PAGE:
Introducing the concept of social and behavior change through the practice of social marketing. Presenters will explain how social marketing can be used as a method for combating violence against women and children in Native communities.
Two top concerns for survivors of domestic violence are safe housing and economic resources to maintain safety. Advocates are consistently seeking safe housing options for survivors, and housing authorities are looking for ways to build in programming to enhance family stability. How can Tribal advocates and Tribal housing authorities build a collaborative team in order to address these top concerns? This 3-day virtual conference will provide guidance on how a housing multi- disciplinary team can work together, through crisis and long-term responses, to fill Tribal housing gaps.
This webinar will discuss the prevalence of intimate partner sexual assault, the challenges associated with reporting and the specific healthcare and safety needs of American Indian/Alaska Native survivors.
Native Americans are a nearly invisible population in urban areas across the United States and they possess a unique legal status that many non-Natives have little to no understanding about. Sadly, this makes working with this population potentially quite harmful. This session will provide an overview of tribal jurisdiction and relevant laws that impact tribal life both on and off tribal lands. We will identity common legal issues that can impact the way a person would provide services and how to begin identifying when to seek additional expertise so that no harm is done to a victim by a service provider. Resources will be discussed that can be accessed to assist programs when working with unique legal issues.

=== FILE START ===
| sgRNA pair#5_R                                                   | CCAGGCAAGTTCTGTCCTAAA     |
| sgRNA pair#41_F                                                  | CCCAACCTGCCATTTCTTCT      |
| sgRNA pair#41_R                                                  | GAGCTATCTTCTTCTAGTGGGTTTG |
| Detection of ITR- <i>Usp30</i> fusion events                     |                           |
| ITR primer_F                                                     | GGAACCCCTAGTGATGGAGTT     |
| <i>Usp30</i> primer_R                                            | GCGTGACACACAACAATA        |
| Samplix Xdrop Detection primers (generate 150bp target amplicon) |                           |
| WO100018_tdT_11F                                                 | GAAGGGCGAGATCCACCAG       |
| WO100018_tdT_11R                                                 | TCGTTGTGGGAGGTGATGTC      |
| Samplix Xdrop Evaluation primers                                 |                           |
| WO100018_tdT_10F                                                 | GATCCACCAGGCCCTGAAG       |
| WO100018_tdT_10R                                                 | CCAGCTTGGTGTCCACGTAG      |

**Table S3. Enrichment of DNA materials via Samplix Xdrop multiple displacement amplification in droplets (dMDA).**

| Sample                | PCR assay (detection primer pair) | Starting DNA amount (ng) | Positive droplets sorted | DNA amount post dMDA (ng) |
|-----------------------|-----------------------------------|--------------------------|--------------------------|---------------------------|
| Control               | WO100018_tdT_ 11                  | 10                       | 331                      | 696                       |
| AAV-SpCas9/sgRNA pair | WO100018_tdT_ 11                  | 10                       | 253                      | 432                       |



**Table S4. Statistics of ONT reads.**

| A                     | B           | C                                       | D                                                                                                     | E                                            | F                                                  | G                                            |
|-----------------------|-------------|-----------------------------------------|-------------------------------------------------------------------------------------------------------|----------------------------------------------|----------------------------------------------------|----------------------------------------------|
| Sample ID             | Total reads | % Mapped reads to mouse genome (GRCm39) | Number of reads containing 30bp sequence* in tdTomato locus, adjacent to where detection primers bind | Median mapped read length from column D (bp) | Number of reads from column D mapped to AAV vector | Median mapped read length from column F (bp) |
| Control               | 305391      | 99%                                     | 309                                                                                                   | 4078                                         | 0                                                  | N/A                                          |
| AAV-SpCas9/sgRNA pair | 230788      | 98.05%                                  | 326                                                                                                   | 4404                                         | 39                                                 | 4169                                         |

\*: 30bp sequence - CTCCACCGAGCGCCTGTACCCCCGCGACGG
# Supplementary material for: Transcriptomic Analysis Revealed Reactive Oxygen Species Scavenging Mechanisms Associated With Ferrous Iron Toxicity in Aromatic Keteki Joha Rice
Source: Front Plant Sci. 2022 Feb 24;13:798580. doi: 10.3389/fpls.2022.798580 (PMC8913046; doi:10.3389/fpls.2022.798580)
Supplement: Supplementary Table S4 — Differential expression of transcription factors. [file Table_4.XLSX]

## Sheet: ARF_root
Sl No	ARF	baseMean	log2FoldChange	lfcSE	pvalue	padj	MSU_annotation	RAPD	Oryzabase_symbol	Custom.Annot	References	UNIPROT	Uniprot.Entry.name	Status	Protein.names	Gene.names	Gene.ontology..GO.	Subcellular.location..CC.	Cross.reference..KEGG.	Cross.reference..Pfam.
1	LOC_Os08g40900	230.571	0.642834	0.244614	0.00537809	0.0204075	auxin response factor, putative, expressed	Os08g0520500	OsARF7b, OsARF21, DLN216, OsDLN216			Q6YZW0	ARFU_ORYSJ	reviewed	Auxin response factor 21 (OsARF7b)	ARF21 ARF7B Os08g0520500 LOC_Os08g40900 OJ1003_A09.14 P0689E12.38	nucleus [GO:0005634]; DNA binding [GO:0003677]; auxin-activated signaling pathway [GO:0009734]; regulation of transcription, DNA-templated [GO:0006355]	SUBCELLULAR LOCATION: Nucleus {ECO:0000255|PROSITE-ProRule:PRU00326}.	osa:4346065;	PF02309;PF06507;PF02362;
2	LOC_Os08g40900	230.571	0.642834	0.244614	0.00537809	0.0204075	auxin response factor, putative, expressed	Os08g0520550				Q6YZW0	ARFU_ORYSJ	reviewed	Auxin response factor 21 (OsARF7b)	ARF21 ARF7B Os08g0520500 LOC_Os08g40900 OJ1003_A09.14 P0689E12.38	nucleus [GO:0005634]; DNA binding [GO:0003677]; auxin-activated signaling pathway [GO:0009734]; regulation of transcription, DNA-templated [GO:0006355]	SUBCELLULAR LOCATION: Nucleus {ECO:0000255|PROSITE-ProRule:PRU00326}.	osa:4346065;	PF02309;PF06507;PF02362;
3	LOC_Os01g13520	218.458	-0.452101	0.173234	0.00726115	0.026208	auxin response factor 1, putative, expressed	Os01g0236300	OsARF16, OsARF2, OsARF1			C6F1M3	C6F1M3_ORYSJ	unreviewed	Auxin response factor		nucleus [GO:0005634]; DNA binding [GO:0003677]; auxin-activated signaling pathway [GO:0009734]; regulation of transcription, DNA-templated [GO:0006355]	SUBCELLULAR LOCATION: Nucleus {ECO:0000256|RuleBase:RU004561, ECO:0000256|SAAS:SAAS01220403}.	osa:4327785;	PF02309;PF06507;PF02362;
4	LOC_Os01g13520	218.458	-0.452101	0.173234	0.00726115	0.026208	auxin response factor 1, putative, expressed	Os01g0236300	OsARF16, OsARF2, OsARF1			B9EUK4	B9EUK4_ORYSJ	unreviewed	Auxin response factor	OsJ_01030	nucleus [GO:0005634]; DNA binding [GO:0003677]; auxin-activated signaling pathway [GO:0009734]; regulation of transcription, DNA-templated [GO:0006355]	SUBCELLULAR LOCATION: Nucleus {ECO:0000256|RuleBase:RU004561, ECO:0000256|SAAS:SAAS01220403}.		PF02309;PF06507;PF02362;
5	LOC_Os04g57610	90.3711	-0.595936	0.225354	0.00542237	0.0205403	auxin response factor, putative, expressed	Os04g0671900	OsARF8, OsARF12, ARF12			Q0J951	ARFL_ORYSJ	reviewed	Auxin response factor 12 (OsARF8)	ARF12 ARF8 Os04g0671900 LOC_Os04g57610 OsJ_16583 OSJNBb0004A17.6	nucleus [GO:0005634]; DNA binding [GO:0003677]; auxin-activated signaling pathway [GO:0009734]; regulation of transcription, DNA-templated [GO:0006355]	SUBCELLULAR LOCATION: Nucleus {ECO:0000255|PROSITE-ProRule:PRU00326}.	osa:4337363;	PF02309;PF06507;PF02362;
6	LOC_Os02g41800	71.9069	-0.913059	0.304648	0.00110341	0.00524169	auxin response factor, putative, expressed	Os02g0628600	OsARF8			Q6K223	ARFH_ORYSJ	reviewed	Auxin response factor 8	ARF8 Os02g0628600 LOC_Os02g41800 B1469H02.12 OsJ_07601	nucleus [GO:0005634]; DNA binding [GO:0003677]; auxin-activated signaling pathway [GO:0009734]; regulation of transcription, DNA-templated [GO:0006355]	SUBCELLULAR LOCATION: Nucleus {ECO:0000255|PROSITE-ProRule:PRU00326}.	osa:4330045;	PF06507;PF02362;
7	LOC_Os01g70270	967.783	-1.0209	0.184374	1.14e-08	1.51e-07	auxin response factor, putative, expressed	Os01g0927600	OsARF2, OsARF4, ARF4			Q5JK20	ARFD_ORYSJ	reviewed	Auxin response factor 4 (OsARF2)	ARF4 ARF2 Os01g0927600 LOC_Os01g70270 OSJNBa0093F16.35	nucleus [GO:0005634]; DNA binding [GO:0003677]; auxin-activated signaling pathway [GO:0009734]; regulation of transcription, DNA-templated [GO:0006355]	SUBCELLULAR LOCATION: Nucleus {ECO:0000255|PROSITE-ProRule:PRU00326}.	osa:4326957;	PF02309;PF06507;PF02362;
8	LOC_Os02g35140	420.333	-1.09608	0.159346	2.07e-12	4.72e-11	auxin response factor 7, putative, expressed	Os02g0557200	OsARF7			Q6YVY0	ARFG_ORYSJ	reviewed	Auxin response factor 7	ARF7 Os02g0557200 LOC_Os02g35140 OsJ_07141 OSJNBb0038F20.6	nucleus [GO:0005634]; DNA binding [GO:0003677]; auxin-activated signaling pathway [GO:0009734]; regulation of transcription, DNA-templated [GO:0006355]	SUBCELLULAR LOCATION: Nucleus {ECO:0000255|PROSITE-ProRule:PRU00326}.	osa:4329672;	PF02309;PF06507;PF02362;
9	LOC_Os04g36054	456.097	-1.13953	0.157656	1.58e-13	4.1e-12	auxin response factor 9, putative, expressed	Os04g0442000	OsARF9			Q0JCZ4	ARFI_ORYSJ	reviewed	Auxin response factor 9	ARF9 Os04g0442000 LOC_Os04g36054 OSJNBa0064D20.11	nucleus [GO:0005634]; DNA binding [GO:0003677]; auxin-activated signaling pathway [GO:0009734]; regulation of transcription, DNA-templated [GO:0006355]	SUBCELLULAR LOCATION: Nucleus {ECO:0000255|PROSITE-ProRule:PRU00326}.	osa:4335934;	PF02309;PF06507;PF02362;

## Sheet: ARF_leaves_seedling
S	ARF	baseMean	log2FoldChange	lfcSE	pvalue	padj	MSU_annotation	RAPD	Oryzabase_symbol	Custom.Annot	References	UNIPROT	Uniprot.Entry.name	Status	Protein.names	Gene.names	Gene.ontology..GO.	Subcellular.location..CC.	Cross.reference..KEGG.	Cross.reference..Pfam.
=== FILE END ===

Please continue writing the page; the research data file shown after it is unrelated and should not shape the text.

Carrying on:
A follow-up Q&A session for April 8th’s webinar on Systems Advocacy Responses for Housing: Advocates struggle with a lack of available and affordable housing in tribal communities, while survivors face barriers getting their housing applications approved. Federal funds have just been released to tribes and tribal housing authorities to respond to the Covid-19 pandemic. These funds can be used for system-level changes, including tribal housing development and improvements. Covid-19 and “stay at home” orders have created additional dangers for victims and increased the need for safe housing to flee from violence. This webinar brainstormed ideas, and gave specific examples from other tribal communities. Also covered were approaches for educating and advocating for short and long-term system responses to meet the needs of survivors, as well as new resources, tools, and ongoing technical assistance available to make these system level changes realistically manageable.